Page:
- Pictures are not only worth a thousand words, they make or break posts. The human face; even in studies of indigenous people in the rainforests who have little to no exposure to the outside world, holds the same countenance. The human face can make over 10,000 expressions which unites everyone on the planet. Faces make an amazing impact so preference them over all other pictures. David Meerman Scott talked about having real and raw photographs leading your social posts in lieu of stock photography. I think that's true. I also like super vibrant, remarkable looking pictures that are just very well photographed. A/B test like crazy. I've found that non sequitur completely oblique or bizarre mixes of pictures and copy rank very well. The ultimate hilarious mash-ups in my mind are a 'a row of well dressed people walking intently,' anything involving 'babies or puppies' and 'executives looking perplexed.' Business writing can be fun if you see the humor in the mundane. I certainly do.
- How To and List Titles outperform even the most outrageous shocking title as they give readers subconscious permission to "snack" some key takeaways in your content. Titles should still feature hyperbole. Take your content and turn it on 11. But the snacking factor is a real thing. Use bold headings and make it easy to skim. Be open to the fact that 80% of the people who like your posts on LinkedIn won't read the whole way through. 20% will read all of it and very few will comment. Likes are a strong leading indicator for success. Youtility content is huge. Imagine, someone can click a button, read a bullet and go make a sale. This is the magic of social selling 3.0 in the web of context.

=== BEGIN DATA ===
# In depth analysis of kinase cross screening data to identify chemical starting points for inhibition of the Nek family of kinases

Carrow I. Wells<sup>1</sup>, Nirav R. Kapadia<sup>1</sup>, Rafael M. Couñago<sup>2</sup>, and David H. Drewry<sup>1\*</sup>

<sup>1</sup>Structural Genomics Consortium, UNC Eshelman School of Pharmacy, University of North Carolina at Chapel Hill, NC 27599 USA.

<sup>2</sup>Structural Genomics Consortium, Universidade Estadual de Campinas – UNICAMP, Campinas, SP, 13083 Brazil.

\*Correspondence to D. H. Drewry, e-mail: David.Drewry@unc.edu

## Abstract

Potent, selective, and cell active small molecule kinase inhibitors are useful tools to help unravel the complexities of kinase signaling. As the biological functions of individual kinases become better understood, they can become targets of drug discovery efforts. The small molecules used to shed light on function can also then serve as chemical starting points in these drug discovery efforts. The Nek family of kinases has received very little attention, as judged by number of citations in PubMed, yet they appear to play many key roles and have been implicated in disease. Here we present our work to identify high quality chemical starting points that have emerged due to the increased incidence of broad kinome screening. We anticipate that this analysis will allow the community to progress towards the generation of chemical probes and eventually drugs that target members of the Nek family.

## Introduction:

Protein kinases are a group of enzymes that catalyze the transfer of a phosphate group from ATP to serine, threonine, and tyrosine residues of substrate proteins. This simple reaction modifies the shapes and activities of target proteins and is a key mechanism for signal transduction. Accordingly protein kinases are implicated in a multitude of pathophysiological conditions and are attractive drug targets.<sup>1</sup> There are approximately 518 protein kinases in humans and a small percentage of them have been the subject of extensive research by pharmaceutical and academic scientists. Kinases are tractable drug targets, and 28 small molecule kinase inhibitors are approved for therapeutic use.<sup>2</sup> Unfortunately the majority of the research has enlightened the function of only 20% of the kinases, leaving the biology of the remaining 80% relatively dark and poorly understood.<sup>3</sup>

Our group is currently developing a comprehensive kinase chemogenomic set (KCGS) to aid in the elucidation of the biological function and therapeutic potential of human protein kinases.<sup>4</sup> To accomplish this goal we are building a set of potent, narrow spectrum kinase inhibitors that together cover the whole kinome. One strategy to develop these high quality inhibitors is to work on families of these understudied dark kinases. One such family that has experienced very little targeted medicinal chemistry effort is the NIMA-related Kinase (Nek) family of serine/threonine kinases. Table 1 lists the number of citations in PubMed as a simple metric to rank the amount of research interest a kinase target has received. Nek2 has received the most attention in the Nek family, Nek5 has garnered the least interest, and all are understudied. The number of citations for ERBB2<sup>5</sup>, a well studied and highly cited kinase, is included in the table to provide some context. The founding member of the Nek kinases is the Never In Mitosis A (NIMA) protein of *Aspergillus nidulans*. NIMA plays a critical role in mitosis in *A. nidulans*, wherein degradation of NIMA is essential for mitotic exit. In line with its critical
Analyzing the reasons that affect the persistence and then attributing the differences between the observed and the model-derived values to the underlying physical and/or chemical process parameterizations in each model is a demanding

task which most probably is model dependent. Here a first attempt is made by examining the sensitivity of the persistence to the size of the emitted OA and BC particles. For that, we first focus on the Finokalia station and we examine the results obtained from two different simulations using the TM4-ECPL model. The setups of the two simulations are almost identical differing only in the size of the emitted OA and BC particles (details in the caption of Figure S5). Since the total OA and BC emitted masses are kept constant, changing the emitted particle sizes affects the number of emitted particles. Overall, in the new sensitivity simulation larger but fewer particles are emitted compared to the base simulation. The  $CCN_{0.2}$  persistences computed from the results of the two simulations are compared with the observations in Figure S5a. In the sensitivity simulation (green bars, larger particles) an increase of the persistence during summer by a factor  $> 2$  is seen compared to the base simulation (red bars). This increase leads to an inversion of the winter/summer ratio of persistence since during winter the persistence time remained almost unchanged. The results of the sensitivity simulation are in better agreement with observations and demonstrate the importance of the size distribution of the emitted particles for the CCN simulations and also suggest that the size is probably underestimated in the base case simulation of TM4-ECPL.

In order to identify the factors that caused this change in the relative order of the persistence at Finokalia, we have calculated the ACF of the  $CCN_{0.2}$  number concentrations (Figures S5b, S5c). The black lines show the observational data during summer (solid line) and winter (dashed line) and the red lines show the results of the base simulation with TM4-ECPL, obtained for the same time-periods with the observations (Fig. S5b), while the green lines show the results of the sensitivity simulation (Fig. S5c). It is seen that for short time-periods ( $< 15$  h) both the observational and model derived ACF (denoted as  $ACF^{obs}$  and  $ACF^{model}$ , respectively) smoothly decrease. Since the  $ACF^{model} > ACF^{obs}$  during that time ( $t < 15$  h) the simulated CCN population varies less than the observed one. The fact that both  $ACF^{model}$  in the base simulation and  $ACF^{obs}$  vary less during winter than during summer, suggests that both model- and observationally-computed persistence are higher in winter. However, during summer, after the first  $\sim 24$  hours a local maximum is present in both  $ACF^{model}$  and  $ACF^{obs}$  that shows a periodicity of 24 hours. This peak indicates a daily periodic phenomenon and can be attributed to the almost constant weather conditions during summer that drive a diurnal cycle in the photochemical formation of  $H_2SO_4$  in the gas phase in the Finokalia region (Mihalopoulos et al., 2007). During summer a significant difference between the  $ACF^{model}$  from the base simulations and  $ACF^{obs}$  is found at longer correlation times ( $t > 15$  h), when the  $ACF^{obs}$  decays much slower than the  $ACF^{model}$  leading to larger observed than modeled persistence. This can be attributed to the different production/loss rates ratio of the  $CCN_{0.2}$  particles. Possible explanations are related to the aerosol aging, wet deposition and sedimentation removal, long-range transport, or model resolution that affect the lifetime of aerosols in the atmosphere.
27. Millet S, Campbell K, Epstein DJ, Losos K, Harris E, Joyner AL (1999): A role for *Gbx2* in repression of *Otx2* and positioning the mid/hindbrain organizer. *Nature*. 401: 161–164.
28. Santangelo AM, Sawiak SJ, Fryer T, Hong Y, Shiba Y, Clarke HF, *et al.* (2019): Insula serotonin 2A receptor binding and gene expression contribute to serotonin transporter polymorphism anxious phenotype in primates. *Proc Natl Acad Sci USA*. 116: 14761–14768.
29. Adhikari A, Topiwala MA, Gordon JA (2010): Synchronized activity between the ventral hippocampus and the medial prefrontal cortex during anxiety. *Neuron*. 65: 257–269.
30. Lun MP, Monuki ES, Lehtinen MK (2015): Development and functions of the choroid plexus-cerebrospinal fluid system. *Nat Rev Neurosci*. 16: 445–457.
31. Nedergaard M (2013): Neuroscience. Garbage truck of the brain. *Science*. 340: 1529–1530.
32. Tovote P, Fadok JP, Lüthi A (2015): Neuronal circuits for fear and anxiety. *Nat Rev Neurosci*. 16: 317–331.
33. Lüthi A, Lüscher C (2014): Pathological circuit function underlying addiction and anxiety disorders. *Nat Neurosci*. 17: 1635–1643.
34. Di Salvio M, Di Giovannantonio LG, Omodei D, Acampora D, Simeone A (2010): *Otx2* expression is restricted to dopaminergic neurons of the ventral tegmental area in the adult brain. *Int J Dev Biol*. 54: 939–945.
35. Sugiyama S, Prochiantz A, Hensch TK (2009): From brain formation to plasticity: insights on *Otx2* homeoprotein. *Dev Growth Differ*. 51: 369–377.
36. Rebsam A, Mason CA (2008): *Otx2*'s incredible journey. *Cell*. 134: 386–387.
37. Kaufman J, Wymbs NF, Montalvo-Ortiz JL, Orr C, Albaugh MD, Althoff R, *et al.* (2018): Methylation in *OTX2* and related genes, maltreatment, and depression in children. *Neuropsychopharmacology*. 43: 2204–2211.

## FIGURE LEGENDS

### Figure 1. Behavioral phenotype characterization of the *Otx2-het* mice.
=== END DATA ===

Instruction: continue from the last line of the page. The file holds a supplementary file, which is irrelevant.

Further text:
- The harder you try to convince major publishers and editors in the system to promote your content, the more you're repelled but it's relatively easy to attract them to you if you have the platform built.
- You're better off with 1,000 of the right connections than 10,000 who seldom engage. Read and practice the axiom of the Thousand True Fan. There are needles in this haystack called social selling. There are million dollar dream customers looking for you, frantically. They're doing anything they can to find a trustworthy seller and truly cutting edge solution for their problem that actually works. There are so many empty promises, it's an uncontrollable ecosystem of hype and fluff. There are people on LinkedIn right now out of hundreds of millions that can mentor you, change your life and bring you that one key connection or insight that literally alters the future of your entire career. Seek out that Thousandth Man or Woman [Rudyard Kipling]